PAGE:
Abstraction reform ‘poses threat to food production’, NFU and CLA delegates warn

NFU water expert Paul Hammett.

NFU water expert Paul Hammett. - Credit: Archant

New rules on water abstraction must be accompanied planning reform to assist the creation of on-farm reservoirs, the Department of Environment, Food and Rural Affairs has been told.

The vital importance of a secure water supply for fruit and vegetable businesses was highlighted when a delegation of growers, including a number from Suffolk and Essex, met with Environment Minister Rory Stewart.

Members of both the National Farmers’ Union (NFU) and the Country Land and Business Association (CLA) were invited to Westminster to discuss proposed changes in the water abstraction licensing system.

NFU delegates included East Anglia regional director Robert Sheasby, Chris Newenham of Wilkin & Sons, Tiptree, and Andrew Blenkiron of the Elveden Estate who was also part of the CLA delegation together with Andrew Francis from the Euston Estate and Robin Upton of Upton Suffolk Farms, near Bury St Edmunds.

Climate change and population growth are both expected to add to the pressure on water supplies, and there are concerns that the present abstraction system does not create a sufficient incentive for farmers to use water efficiently or provide for timely changes to licences where abstraction is damaging the environment.

However, the delegation at this week’s meeting, which also included NFU water specialist Paul Hammett and the CLA’s head of land use, Damian Testa, stressed the need for flexibility if the UK’s ability to grow food is not to be compromised.

In particular, fears were expressed that future allocations of water could be constrained to the levels of historic “base years” which may have seen average or high levels of rainfall, therefore meaning that less abstraction of watercourses was required.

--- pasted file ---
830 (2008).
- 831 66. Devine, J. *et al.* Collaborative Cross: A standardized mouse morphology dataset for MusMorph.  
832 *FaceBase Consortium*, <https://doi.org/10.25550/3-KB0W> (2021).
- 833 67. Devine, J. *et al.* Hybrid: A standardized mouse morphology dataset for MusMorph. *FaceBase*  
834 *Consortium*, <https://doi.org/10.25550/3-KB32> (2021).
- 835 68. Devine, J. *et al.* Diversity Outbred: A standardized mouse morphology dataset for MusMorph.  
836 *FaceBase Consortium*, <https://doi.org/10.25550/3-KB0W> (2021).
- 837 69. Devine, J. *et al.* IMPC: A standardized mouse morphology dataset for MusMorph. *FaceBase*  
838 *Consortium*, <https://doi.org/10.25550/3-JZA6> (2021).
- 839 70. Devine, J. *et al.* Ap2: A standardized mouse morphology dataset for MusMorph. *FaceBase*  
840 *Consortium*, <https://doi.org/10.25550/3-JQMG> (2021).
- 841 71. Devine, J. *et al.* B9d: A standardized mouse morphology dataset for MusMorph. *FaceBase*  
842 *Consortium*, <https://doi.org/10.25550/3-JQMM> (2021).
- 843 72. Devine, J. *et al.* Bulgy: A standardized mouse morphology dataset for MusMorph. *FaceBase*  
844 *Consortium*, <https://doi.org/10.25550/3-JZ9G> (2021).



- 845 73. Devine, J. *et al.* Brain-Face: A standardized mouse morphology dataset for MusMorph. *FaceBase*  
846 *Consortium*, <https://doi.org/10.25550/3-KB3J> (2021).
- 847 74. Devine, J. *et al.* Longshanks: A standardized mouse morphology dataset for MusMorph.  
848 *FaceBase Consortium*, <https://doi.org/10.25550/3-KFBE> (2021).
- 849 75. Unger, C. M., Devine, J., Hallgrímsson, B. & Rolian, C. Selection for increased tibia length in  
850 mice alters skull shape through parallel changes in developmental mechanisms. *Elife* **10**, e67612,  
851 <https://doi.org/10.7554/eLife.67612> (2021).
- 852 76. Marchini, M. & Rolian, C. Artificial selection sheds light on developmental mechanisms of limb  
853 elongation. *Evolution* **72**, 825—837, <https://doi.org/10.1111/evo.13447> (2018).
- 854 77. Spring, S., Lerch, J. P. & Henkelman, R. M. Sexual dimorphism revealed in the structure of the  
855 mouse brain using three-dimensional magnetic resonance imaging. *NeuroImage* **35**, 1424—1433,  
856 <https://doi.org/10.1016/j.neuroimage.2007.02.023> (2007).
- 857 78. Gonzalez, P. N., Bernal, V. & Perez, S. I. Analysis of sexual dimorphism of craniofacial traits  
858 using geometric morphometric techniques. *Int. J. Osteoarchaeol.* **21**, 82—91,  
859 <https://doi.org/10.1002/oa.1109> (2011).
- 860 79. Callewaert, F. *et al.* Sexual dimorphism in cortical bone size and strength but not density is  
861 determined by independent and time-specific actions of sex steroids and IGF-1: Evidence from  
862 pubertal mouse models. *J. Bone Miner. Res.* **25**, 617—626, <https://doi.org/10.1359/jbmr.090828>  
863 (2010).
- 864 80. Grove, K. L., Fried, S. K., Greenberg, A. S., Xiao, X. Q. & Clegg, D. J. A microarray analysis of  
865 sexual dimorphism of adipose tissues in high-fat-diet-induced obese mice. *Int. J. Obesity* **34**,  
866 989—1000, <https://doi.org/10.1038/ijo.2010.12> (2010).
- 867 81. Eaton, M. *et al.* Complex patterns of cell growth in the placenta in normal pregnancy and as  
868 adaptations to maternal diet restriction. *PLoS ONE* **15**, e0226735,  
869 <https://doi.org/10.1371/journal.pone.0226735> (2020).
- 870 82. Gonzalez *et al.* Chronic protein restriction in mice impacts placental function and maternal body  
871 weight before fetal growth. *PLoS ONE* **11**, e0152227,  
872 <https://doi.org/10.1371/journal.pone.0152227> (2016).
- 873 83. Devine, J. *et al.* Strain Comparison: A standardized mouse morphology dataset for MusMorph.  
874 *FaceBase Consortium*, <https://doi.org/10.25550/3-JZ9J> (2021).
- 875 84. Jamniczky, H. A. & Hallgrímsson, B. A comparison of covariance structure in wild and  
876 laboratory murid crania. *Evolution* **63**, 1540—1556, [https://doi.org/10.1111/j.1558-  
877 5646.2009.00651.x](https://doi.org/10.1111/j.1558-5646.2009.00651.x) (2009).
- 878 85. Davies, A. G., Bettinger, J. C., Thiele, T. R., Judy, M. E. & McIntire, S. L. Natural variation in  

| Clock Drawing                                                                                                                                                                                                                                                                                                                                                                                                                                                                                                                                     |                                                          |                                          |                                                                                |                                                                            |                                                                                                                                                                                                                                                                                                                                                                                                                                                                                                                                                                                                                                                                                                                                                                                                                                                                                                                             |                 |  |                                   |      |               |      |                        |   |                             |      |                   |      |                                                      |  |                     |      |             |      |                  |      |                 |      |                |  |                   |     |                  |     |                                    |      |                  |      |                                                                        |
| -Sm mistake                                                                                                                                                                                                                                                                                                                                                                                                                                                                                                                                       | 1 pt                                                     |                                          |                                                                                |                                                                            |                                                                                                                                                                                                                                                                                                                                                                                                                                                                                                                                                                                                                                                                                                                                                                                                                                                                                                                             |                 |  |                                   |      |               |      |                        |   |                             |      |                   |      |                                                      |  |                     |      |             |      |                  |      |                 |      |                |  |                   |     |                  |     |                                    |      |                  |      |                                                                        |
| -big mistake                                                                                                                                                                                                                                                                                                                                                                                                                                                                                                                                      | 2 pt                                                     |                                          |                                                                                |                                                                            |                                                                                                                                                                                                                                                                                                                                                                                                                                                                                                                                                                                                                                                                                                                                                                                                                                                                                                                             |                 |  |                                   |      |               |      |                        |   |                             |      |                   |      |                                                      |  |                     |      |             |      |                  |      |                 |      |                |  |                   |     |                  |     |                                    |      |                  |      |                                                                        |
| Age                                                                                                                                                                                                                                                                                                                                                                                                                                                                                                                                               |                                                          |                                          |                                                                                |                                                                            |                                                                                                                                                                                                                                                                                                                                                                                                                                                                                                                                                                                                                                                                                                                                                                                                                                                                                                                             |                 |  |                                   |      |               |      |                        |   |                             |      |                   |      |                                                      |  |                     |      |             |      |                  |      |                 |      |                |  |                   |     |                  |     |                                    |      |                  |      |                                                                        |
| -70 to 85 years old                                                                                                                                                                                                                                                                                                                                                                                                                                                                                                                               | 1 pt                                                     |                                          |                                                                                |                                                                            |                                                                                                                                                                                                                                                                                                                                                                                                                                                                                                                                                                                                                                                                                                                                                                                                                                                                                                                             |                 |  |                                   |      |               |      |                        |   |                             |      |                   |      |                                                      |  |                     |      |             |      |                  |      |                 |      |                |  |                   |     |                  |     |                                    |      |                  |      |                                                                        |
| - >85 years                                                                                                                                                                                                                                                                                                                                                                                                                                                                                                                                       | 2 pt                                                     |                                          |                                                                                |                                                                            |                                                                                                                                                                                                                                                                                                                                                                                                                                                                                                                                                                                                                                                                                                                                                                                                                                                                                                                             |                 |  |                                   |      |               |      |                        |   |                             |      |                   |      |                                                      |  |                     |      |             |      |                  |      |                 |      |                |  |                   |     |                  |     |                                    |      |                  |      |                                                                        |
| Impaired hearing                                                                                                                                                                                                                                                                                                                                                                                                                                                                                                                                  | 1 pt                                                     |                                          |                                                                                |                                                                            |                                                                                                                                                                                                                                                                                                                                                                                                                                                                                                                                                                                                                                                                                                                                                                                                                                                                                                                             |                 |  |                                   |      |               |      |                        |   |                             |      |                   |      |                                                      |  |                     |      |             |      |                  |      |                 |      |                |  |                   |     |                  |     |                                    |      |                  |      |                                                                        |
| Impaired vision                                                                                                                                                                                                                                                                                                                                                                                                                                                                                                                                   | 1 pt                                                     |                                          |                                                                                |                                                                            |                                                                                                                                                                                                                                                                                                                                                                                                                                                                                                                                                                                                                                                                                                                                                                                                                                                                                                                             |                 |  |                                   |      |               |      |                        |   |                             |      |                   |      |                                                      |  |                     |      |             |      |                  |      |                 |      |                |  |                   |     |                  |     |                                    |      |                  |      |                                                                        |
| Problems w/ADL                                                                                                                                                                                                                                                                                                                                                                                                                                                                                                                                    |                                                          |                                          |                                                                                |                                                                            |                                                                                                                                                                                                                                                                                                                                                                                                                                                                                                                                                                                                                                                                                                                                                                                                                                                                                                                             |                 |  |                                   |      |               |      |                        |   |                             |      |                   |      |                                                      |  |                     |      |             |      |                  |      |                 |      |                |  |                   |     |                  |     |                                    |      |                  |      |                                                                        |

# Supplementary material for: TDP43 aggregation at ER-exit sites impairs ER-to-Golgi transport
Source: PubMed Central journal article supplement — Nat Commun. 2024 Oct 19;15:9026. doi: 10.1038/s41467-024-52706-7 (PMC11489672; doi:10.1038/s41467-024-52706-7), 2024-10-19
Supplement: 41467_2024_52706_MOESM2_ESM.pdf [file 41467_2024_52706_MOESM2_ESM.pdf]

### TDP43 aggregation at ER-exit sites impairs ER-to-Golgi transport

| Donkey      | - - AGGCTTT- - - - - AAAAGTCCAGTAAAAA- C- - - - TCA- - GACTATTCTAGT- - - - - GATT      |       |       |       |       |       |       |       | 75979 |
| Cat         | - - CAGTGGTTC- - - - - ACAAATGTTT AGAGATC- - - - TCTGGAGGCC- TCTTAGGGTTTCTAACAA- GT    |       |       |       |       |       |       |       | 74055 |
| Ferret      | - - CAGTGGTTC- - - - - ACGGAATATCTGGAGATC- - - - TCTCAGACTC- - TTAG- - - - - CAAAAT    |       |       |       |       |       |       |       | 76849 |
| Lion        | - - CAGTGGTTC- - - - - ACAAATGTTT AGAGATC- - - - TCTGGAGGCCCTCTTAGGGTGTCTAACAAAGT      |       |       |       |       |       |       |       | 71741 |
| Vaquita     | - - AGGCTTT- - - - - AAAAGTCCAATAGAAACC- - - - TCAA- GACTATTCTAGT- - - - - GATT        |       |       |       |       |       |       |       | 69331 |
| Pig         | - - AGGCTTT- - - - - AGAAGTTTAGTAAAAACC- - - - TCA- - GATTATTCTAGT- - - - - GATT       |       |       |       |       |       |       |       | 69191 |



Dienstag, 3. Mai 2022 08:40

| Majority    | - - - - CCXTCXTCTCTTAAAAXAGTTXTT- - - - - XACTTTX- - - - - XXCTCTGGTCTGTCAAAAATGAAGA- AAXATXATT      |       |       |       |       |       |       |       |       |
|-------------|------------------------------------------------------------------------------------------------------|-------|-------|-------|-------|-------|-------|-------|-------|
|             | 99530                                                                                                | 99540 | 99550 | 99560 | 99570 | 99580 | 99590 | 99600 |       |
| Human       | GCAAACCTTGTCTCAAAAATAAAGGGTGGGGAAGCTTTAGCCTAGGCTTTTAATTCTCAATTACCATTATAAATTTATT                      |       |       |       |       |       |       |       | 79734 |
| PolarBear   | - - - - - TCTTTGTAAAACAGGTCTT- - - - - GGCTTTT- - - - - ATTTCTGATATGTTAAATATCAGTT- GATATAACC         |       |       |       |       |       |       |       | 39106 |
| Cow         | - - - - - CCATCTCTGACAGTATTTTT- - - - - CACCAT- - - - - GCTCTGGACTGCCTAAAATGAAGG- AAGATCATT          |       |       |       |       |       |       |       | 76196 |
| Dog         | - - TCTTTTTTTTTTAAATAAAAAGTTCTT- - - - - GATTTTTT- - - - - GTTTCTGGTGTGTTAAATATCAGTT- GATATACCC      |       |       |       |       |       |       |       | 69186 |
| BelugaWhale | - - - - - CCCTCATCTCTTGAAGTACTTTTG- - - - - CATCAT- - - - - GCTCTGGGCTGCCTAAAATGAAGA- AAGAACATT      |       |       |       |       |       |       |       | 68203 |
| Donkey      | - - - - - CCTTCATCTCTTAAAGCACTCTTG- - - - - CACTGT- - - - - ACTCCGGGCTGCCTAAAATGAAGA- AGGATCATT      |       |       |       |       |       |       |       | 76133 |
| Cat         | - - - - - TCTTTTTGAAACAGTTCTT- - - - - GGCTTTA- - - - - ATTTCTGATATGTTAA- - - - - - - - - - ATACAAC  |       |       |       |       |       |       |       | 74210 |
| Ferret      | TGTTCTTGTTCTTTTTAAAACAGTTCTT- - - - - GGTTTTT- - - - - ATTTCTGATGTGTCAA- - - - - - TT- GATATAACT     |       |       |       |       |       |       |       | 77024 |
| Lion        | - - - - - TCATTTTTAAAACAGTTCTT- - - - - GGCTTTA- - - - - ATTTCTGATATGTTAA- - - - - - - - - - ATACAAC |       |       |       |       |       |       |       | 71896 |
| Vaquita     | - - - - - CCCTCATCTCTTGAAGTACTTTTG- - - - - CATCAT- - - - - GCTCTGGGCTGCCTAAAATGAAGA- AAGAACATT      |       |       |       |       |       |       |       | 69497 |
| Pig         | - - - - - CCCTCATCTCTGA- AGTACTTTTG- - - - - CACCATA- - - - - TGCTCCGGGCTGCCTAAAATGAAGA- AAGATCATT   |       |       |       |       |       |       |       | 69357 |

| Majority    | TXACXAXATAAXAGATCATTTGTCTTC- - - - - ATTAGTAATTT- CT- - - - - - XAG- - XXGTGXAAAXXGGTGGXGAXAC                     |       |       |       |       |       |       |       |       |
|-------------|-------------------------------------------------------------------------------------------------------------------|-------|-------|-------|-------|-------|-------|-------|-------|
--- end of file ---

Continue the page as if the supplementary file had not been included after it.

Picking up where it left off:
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There were also calls for an easing of planning rules for the creation of on-farm reservoirs, in order to help farmers store more water at times when it is in plentiful supply.

Paul Hammett said: “The Government wants abstraction reform to deliver a system whereby water use is aligned more closely to water availability, so allowing all users greater access to surplus water but restricting their access when supplies are limited.

“It follows that the ability to capture and store water for use during times of scarcity will be crucial, and farmers took this chance to tell the minister that the removal of current fiscal and regulatory barriers to more reservoir construction projects was long overdue.”

Damian Testa said: “The ability for farm businesses to continue to abstract the water they need to produce food is critical. If this important challenge is not met, UK food production and jobs will both be at risk, with shortfalls in domestic production being met by imports.”

And he added: “The new abstraction licensing system must be supported by other Government policies that can improve the success of the new system.

“If we are to have drier, hotter summers then it makes perfect sense that the new system is underpinned by a more sympathetic planning regime towards on-farm reservoirs. Currently the cost and length of time to decide planning applications is a major disincentive.”

For more food and farming news, turn to the eacountylife supplement in today’s EADT.